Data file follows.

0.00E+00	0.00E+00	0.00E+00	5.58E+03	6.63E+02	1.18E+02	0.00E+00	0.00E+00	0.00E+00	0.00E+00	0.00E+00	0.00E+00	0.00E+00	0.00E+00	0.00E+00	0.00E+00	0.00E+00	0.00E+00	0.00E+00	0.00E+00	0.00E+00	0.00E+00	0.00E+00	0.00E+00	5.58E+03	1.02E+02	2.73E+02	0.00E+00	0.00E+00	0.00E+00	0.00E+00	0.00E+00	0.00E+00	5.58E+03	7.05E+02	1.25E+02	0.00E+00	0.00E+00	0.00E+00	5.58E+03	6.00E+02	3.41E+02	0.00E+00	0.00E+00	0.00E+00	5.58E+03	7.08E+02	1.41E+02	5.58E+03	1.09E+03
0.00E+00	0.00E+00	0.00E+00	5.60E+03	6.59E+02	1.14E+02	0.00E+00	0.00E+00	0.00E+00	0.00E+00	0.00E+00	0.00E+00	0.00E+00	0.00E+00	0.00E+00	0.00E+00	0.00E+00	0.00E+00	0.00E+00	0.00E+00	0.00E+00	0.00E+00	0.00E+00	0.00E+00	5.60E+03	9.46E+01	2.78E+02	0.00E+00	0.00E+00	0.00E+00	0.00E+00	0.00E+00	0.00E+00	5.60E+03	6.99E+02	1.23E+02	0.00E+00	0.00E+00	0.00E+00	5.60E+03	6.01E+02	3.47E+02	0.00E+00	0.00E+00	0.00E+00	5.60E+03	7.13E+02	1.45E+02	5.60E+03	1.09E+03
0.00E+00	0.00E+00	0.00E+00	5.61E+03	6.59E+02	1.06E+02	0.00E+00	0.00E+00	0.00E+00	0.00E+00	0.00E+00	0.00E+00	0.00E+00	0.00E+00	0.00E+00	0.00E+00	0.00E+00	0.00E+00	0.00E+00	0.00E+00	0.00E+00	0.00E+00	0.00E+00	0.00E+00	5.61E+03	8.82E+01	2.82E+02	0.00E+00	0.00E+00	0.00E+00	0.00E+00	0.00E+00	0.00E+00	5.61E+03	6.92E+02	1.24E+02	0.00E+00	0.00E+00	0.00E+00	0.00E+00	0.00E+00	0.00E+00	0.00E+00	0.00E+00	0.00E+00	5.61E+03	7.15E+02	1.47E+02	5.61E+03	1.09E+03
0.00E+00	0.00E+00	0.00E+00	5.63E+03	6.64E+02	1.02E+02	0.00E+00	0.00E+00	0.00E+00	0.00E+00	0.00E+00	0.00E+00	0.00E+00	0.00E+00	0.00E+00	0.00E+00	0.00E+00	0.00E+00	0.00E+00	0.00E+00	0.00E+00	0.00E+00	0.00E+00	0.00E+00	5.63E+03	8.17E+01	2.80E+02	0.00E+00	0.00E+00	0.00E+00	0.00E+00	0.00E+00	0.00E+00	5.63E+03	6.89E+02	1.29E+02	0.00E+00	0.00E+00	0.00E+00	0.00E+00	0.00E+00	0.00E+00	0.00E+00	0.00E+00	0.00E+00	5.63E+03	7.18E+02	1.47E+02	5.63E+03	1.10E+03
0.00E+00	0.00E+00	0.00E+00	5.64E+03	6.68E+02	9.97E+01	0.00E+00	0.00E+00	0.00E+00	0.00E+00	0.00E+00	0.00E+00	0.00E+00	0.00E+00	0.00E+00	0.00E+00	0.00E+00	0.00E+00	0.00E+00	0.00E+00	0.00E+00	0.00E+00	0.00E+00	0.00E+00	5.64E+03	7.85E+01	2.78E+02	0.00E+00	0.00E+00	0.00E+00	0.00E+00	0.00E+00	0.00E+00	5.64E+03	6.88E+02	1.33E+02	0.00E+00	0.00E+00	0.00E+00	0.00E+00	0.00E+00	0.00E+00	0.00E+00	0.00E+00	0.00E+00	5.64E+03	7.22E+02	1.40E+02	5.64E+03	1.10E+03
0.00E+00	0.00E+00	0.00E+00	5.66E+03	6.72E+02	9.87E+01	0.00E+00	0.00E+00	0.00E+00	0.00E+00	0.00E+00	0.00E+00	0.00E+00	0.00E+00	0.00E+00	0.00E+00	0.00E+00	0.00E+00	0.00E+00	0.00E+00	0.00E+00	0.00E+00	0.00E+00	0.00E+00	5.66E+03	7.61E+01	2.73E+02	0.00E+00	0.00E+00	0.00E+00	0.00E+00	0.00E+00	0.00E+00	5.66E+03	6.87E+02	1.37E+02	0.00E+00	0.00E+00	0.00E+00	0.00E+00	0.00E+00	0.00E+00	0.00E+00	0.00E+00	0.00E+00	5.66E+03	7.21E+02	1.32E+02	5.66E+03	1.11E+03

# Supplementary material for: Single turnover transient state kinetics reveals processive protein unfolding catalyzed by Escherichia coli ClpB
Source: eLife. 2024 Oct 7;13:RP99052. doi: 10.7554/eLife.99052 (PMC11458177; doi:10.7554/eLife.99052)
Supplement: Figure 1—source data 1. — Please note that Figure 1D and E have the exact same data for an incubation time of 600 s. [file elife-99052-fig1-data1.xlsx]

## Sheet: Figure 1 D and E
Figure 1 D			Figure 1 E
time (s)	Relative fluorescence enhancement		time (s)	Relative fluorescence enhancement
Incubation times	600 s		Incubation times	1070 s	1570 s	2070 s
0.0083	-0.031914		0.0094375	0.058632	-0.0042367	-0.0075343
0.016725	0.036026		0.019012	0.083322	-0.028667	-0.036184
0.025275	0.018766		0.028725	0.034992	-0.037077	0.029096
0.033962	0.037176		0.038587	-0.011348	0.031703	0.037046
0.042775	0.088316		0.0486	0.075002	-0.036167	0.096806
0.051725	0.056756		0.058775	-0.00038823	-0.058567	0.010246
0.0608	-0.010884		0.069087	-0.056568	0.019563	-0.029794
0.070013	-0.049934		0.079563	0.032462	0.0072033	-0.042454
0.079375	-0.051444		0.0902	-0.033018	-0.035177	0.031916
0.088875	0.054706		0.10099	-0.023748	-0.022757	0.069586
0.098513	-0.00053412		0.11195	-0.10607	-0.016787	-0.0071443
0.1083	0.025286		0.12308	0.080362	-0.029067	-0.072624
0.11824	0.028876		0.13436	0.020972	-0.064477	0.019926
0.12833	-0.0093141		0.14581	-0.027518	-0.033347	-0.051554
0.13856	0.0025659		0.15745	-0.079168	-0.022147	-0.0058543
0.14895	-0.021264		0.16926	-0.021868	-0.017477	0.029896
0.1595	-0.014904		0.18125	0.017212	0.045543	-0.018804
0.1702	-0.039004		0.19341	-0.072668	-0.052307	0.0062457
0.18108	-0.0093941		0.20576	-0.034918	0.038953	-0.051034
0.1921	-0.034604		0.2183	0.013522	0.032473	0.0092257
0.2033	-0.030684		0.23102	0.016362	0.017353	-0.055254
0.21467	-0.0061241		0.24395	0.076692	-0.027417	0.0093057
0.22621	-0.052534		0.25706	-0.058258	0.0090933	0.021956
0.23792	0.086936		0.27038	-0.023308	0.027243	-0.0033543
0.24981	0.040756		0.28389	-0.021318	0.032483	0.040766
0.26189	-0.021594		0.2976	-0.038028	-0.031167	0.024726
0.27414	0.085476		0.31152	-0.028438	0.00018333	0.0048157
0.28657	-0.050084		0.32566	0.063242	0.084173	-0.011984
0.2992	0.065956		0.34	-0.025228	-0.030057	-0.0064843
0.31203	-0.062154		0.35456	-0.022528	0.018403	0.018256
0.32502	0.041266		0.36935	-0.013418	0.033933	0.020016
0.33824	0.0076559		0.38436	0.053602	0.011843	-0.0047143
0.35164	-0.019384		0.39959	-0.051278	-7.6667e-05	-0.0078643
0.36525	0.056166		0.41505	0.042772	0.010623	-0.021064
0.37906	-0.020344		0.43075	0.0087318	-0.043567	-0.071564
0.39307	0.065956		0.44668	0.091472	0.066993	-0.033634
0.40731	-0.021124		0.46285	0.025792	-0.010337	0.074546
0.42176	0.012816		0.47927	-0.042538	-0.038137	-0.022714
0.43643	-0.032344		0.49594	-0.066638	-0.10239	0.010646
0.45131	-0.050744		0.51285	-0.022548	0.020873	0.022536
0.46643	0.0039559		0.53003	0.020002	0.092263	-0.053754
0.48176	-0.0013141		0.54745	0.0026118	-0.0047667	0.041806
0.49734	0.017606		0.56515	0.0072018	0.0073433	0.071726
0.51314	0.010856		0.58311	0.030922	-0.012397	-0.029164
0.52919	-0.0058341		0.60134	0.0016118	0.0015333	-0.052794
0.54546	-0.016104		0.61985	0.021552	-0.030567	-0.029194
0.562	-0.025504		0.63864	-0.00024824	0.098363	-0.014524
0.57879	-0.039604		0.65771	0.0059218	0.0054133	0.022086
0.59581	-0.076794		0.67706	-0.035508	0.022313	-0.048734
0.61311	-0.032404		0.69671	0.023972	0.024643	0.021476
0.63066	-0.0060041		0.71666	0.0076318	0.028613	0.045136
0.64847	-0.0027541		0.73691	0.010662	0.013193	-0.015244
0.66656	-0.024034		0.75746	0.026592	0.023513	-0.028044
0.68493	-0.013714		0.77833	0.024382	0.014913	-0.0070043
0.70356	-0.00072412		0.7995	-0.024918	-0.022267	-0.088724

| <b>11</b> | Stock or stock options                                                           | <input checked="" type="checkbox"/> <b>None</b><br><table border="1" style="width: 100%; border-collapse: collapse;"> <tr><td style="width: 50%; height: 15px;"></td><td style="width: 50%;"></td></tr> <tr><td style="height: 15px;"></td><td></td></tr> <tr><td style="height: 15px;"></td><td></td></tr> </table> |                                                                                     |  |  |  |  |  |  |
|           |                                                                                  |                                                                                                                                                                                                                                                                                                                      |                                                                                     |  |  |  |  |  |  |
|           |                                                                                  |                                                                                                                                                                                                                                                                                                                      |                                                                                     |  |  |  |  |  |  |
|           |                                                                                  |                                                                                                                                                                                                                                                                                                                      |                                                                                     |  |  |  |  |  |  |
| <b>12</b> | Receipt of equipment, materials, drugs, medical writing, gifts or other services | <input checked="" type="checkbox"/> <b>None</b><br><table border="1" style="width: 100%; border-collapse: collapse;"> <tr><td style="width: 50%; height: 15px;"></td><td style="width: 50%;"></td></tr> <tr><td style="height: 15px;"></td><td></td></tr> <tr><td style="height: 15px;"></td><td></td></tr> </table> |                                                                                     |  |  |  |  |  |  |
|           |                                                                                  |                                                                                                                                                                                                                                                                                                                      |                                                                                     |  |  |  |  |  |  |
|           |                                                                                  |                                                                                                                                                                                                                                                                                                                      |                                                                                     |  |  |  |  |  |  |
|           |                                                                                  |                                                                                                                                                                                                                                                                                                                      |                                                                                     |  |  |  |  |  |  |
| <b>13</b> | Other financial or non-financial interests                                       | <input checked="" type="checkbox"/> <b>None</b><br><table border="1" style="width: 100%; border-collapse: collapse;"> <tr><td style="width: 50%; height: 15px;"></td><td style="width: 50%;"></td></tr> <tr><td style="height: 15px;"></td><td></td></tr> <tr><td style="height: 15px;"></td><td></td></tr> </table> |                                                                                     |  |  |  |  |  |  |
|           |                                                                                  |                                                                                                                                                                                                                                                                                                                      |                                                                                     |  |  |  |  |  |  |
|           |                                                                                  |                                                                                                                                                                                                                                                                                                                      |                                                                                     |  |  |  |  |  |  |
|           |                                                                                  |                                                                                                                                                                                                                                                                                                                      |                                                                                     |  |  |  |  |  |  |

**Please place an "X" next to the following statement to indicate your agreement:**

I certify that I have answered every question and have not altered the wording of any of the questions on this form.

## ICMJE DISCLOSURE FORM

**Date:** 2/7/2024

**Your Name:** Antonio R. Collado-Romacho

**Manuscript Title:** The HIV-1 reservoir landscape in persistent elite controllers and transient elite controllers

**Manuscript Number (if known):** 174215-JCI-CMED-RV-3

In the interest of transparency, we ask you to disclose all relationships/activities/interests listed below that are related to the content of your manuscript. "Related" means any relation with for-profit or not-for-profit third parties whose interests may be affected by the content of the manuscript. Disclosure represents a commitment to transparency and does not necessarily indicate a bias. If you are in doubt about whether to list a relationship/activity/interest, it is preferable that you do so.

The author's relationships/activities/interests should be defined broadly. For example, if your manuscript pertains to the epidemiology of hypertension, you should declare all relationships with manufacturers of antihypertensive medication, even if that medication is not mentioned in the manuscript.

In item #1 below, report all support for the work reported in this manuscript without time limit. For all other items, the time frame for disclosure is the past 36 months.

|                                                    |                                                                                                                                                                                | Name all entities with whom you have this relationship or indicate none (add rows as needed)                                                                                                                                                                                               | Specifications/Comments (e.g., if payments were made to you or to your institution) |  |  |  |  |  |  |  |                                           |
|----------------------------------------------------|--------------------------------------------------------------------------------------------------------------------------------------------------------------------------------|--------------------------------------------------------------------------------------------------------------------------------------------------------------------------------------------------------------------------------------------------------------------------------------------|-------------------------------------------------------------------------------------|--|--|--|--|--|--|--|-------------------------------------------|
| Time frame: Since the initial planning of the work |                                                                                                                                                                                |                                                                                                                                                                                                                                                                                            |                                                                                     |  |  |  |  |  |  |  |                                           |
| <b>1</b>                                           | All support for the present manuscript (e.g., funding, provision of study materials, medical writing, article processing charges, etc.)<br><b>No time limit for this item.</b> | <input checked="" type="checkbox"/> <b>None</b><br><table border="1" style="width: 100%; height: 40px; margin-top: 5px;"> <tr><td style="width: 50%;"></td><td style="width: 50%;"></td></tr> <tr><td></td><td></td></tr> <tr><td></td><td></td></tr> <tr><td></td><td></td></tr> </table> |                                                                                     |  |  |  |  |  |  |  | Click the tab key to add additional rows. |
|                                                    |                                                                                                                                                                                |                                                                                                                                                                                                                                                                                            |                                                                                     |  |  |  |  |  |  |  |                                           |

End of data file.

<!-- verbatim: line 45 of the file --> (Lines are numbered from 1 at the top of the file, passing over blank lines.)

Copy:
0.33824	0.0076559		0.38436	0.053602	0.011843	-0.0047143